In May, Aurora Cannabis closed on its $852 million purchase of Saskatchewan-based CanniMed Therapeutics, then followed it up with a $2.5 billion buyout of Ontario-based MedReleaf. It's also in the process of gobbling up ICC Labs for about $221 million. These acquisitions, along with a partnership with Alfred Pedersen & Son in Denmark and a handful of organic construction projects, are what have pushed Aurora to the top of the pack in expected annual production.

The question is: What marijuana stock could be next? My dart-throw guess would be OrganiGram Holdings (NASDAQOTH:OGRMF). OrganiGram's unique position as the only large Atlantic grower, along with its single grow site in Moncton, New Brunswick, which reduces companywide grow costs, would likely make it an attractive takeover target. Not to mention, OrganiGram's 113,000 kilograms of peak production capacity isn't chump change, and would provide an immediate benefit to a larger grower.

A potted cannabis plant next to a bottle of wine.

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3. Brand-name partnerships and investments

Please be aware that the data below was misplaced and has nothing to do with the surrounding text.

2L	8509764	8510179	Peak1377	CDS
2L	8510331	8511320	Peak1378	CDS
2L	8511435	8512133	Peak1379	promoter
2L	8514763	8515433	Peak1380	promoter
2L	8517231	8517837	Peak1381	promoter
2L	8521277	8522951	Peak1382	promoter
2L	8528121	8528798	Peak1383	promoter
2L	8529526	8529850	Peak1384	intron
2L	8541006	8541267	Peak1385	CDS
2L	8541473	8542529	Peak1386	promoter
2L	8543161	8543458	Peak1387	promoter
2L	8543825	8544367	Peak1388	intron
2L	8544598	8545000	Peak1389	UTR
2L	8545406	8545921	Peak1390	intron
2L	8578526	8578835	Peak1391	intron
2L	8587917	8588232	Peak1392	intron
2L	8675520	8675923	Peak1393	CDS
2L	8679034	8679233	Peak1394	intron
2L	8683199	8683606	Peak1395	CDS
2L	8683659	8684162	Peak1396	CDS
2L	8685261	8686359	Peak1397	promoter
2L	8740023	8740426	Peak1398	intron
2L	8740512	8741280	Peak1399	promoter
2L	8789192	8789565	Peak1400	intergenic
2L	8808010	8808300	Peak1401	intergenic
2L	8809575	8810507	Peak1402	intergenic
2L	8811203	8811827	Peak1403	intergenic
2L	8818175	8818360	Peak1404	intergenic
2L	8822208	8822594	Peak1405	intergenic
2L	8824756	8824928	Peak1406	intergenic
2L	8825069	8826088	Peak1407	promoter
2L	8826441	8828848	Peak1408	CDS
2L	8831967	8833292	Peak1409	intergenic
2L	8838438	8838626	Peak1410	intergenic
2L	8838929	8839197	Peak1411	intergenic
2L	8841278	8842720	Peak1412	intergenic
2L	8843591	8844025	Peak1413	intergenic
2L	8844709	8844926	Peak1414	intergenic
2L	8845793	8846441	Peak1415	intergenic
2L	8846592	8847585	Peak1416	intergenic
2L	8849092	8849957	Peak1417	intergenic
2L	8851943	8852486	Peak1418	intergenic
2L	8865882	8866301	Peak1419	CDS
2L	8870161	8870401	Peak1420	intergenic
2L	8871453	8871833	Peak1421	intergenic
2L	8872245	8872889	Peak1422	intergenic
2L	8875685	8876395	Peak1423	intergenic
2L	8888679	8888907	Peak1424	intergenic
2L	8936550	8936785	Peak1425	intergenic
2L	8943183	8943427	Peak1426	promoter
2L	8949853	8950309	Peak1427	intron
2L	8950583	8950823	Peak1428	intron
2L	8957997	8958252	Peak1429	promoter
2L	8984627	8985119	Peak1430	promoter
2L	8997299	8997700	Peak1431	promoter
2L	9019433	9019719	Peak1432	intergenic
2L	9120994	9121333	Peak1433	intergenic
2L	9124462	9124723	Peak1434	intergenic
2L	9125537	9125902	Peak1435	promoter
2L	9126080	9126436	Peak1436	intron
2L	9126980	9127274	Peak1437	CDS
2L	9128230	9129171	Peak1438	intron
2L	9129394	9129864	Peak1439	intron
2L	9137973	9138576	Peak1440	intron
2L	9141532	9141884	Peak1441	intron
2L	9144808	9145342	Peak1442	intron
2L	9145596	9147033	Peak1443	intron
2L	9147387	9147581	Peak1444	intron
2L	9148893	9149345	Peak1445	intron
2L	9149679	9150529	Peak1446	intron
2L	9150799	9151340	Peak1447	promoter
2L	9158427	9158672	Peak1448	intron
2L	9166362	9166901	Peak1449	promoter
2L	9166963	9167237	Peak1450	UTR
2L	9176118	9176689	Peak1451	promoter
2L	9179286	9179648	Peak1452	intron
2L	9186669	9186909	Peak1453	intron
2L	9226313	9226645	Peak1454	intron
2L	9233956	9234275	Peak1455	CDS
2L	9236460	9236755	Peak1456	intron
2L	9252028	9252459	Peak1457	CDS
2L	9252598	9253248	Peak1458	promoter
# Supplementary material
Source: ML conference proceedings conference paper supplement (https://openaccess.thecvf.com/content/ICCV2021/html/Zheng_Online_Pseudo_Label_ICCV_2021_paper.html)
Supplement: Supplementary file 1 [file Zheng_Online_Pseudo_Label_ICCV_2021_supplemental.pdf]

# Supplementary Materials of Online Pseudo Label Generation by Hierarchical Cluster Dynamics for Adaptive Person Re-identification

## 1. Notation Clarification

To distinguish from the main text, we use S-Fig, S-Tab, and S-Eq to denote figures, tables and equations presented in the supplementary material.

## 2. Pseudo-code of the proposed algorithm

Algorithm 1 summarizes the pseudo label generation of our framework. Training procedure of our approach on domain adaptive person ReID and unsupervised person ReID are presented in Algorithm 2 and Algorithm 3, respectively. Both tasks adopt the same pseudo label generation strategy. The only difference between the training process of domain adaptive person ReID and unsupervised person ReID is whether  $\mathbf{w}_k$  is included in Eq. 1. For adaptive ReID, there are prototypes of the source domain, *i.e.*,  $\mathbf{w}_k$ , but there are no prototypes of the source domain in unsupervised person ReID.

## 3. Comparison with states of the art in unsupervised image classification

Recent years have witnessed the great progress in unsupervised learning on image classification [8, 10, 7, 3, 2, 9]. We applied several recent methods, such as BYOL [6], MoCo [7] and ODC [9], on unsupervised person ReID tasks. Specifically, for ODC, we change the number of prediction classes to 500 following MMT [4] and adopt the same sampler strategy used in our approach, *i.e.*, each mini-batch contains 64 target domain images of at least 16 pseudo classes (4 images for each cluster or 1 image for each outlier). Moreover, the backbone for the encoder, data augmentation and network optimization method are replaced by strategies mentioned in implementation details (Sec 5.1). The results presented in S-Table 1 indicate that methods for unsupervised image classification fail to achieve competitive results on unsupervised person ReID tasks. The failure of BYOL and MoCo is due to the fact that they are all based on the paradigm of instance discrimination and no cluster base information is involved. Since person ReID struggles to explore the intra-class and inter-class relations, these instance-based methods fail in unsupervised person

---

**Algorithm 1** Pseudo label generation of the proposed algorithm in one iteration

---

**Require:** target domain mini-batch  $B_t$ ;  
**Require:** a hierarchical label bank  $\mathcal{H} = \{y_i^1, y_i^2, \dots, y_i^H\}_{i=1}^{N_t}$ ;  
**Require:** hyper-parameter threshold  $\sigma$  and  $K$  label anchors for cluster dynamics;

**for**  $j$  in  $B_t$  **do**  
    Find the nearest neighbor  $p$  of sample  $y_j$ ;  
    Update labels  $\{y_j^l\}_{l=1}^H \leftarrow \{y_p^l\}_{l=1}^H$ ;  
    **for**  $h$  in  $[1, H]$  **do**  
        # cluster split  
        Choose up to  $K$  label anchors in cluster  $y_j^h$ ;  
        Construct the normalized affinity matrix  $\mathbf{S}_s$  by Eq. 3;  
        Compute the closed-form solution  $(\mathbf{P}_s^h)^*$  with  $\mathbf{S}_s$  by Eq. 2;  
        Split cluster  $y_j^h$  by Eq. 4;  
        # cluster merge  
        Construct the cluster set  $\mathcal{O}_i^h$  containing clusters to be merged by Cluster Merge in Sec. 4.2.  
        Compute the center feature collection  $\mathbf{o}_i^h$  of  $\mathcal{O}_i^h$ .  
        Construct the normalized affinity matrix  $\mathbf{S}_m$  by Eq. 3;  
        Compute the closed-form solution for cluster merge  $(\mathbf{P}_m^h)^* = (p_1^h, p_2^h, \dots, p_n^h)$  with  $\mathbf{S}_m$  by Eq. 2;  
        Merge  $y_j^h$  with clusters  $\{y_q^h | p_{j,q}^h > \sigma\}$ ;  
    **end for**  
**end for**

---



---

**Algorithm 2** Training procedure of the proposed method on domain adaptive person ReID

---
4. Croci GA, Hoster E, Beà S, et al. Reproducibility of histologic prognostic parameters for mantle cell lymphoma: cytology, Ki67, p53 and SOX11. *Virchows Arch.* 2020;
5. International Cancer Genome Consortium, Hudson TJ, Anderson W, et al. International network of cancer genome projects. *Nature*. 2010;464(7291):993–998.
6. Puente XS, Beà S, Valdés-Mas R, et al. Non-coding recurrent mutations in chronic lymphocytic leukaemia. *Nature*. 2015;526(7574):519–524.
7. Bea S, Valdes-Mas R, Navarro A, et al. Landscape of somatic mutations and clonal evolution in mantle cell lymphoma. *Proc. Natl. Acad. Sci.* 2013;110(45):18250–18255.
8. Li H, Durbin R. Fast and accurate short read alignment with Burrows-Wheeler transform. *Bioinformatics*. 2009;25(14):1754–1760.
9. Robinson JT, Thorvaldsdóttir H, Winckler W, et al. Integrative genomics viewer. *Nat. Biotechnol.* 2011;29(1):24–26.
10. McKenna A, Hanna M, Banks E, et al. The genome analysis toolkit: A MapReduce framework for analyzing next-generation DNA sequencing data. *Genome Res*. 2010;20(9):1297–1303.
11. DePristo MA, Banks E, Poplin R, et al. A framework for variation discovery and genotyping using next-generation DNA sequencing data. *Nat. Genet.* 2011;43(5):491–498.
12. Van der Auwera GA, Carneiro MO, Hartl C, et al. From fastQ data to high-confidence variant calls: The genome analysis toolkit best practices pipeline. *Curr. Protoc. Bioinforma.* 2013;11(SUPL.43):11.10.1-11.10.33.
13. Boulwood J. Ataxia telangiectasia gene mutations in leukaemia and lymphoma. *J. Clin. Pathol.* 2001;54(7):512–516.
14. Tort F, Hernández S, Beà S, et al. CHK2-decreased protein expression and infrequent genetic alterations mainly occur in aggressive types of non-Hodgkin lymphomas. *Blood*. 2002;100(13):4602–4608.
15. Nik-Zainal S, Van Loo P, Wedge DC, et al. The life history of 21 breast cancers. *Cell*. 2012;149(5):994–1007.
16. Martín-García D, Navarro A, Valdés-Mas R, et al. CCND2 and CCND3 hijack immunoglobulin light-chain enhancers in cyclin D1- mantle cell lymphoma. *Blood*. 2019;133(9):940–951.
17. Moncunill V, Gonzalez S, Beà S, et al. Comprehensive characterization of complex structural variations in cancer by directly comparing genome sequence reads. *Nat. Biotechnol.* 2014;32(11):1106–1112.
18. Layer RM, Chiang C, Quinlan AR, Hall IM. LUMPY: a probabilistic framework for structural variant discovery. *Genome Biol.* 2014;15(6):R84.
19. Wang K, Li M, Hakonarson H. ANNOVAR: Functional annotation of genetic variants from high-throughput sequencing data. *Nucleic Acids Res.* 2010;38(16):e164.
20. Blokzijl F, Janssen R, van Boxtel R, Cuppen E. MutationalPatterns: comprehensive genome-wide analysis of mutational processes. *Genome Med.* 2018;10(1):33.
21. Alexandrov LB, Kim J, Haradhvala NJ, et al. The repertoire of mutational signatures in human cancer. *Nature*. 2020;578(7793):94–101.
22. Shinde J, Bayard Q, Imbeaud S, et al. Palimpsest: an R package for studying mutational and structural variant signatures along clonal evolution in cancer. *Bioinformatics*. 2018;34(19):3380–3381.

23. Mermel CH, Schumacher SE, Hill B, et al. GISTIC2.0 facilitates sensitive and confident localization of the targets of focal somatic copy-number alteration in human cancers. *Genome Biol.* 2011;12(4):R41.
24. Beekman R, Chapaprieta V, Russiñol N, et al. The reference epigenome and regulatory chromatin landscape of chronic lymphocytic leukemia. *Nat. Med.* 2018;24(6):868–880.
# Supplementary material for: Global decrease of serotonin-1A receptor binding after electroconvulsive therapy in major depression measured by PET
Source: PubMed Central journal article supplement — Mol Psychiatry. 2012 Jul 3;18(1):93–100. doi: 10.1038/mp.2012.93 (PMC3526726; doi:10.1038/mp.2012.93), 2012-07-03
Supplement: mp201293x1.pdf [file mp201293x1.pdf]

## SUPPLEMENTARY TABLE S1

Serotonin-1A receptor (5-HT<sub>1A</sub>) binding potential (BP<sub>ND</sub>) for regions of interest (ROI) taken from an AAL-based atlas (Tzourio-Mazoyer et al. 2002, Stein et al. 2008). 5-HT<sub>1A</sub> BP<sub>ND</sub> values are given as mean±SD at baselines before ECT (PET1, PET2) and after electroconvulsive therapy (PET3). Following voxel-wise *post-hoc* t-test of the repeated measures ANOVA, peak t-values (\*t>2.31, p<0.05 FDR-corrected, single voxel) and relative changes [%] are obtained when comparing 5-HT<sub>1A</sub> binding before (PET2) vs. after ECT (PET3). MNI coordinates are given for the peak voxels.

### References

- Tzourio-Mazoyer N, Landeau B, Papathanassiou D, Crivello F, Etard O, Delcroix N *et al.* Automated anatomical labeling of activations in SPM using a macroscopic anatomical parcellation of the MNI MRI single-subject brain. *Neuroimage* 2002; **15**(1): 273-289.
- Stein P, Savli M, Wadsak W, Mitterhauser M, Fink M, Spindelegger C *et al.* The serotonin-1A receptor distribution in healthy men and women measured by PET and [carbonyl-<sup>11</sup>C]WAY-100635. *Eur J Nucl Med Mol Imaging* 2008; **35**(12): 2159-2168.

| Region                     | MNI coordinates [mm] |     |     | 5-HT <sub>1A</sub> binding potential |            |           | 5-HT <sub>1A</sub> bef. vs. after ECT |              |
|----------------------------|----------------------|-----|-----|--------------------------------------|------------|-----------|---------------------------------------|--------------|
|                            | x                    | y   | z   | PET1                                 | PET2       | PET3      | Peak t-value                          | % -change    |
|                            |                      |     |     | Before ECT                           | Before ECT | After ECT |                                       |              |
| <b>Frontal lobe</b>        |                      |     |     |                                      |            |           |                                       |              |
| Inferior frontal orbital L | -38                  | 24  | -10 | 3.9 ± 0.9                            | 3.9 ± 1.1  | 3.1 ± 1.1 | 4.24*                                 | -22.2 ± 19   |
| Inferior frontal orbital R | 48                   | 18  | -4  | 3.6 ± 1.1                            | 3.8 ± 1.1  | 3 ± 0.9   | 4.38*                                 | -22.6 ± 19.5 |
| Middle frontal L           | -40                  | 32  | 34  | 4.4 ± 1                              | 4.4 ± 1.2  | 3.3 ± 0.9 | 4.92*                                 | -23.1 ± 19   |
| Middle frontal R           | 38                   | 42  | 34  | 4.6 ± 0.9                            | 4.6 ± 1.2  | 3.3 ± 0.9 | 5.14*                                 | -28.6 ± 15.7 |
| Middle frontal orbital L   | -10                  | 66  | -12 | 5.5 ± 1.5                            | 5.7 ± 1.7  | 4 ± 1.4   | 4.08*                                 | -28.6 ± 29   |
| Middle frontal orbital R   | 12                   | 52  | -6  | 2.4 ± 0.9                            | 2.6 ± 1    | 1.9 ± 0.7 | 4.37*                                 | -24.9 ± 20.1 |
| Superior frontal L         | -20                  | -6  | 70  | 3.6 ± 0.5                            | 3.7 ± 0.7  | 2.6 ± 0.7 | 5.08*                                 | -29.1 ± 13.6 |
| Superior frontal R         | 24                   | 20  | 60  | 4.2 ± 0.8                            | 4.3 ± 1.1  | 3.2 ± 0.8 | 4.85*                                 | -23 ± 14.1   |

Investors will also want to keep a close eye on partnerships and investments within the cannabis space.

It technically all started with Canopy Growth Corp. (NYSE:CGC) back in October 2017, when Corona and Modelo beer producer Constellation Brands (NYSE:STZ) made a $190 million investment in Canopy for a 9.9% stake. In August, Constellation upped its investment big-time, pledging to purchase 104.5 million shares of Canopy Growth at a 51% premium for $3.8 billion. Not only will this dynamic duo work on alternative cannabis products like infused beverages (once they're legal), but with Constellation's potential ownership stake able to surpass 50%, there's talk about the company possibly acquiring Canopy Growth a few years down the road.

Given that growth rates in the tobacco, beverage, and even Big Pharma industries have been subpar in recent years, there's the belief that brand-name companies will continue to look at marijuana stocks for growth opportunities. The aforementioned Aphria may be a logical target, given its high expected peak production of 255,000 kilograms and its focus on high-margin cannabis alternatives, such as oils and concentrates.

A tipped over bottle of cannabis lying atop a doctor's prescription pad.

Image source: Getty Images.

4. International medical pot demand

Fourthly, it's important for marijuana stock investors to pay very close attention to international demand for medical marijuana.